As for the city of Blaine, two of the three council seats have only one candidate: Dieter Schugt of Ward 3 and John Liebert of Ward 1 are running unopposed. David White, who was rumored to be running against Liebert, is not on the ballot.
Schugt, the current mayor, also served for five years on the planning commission, two of those years as its chair. He said he has been actively involved in numerous committees concerning responsible growth in the Blaine-Birch Bay area for the last 17 years. Blaine continues to face substantial issues, he said, and like all small cities across the state, Blaine is impacted by severe budget restraints.
Schugt said the community is making progress, citing improvements made to emergency response and fire service. But he also stated the need for an adequate year-round supply of water and finalizing of wastewater plans.
Liebert, a semi-retired educator who finished his full-time teaching career at Blaine high school in the summer of 2000, said one of his goals still to be achieved is a new waste treatment plant to serve the community, as well as a master plan for the airport, a �turn of the century� upgrade of city hall, and the re-zone study for the entire city. Liebert grew up in Blaine and said he continues to look at the community as the jewel of the county.
Ward 2 sees two candidates: incumbent Ken Ely and Andy Anderson. Chiropractor Ken Ely said he is running again to continue working with Blaine and its economy. �What I had hoped we could achieve in two years has taken us four. I must continue in office for another term to help finish the job.�
Ely is looking forward to the successful establishment of such projects as a new wastewater system, boardwalk, and lighthouse project.
Andy Anderson, a former Blaine mayor and councilman, said he�s running because it�s time to give back to the community. �I have been here for many years,� he said. �And I want to see this community grow.�
Anderson is currently leading a carousel project and is trying to spread the word to the community. He�d like to bring a full-scale, hand-carved horse carousel to the waterfront area to attract tourists. Anderson said he has been working on the project since 1995.
Several county positions are running unopposed, including county executive Pete Kremen, county council member Barbara Brenner, auditor Shirley Forslof and sheriff Bill Elfo.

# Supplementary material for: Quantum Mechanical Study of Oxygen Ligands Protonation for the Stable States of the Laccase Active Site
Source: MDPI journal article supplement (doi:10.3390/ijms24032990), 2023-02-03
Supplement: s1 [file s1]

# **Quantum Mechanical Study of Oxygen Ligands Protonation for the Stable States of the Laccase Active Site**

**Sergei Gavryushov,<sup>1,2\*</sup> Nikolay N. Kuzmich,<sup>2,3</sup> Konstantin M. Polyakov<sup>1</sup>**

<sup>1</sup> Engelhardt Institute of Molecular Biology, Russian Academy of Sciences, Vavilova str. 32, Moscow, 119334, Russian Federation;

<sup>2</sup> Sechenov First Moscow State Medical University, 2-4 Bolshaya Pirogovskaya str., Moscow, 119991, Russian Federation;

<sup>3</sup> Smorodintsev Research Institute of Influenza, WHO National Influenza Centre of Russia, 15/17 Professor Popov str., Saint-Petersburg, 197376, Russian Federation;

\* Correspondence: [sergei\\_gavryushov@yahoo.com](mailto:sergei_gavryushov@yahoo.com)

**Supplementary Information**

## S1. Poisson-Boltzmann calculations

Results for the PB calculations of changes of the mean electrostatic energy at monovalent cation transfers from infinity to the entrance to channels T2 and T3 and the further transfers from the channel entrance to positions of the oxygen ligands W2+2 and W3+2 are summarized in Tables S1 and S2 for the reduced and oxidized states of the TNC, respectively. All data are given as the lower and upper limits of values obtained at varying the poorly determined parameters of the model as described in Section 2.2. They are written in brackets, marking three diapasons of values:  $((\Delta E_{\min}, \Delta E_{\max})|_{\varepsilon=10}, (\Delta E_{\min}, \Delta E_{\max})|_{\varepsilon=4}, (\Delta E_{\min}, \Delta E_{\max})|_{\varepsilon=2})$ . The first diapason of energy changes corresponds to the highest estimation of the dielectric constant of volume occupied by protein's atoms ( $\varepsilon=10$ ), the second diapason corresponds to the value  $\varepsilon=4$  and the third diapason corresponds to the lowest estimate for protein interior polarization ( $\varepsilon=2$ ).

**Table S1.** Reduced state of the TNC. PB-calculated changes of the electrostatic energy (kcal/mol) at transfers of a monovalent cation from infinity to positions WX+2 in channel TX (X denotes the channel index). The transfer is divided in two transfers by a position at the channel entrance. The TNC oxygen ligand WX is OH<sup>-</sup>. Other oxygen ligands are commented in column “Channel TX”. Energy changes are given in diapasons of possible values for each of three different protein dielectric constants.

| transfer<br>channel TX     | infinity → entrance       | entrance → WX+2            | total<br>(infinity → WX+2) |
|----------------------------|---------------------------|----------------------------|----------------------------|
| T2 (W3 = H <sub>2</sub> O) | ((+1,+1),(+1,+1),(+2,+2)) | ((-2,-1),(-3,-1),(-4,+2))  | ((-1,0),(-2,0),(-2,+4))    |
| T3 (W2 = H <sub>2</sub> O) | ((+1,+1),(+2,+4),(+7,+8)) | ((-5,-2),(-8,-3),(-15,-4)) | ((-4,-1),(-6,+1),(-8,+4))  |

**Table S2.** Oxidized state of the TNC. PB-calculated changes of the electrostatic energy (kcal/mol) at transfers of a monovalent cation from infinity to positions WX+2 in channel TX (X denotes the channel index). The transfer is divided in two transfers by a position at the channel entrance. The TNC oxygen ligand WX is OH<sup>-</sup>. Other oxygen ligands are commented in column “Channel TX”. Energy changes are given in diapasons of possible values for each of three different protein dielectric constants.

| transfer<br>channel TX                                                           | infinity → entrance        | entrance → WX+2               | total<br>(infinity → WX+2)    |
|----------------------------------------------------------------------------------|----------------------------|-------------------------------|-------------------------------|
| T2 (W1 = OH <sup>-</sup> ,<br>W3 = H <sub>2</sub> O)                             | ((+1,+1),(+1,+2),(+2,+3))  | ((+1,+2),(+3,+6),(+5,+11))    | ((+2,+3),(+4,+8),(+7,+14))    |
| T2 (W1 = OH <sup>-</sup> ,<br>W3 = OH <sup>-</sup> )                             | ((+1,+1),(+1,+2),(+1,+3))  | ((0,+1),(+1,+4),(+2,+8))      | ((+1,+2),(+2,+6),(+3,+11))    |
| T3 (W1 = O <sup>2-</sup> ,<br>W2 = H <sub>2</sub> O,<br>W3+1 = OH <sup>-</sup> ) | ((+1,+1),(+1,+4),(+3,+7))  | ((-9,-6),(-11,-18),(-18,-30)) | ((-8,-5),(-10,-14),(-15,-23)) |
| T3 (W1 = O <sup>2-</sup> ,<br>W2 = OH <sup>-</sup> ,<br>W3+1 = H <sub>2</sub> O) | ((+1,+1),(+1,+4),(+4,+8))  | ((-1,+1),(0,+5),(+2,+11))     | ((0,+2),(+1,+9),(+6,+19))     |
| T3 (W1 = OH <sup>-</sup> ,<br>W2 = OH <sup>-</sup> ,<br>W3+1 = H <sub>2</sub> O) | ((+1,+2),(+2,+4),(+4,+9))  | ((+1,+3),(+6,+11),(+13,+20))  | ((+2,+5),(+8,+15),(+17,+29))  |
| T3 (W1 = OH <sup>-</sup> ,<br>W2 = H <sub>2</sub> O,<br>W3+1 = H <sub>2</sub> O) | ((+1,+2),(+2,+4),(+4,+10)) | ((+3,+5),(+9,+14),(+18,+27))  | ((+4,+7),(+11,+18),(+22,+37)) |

Sheriff Bill Elfo said the whole county faces serious issue, including drug problems and the shortage of county jail space. The jail can only hold 260 people and many criminals are released early because of that. This problem, he said, is one he is working to fix, and a temporarily fix is being sought.
Absentee ballots for the September 16 primary election are available in the auditor�s office from 8:30 a.m. to 4:30 p.m., Monday through Friday for registered voters and Saturday, September 13 from 9 a.m. to 4 p.m. The last day the ballots are available is Monday, September 15. Voters or a relative may call the auditor�s office at 676-6745 or 676-6742 and request an absentee ballot, pick up the ballot in person at the office or mail the request to Whatcom County Auditor, 311 Grand Avenue, Suite 103, Bellingham, WA 98225.
According to county auditor Shirley Forslof, absentee ballots are in the mail to over 35,000 absentee voters. Voters are reminded to open and review their absentee voting materials as soon as they receive it and call her office if they have any questions. Absentee voters are encouraged to sign their ballots and mail them so they can be postmarked by Tuesday, September 16. Ballots can also be dropped off in the auditor�s office anytime until 8 p.m. on Tuesday, September 16, or at any open polling place Election Day.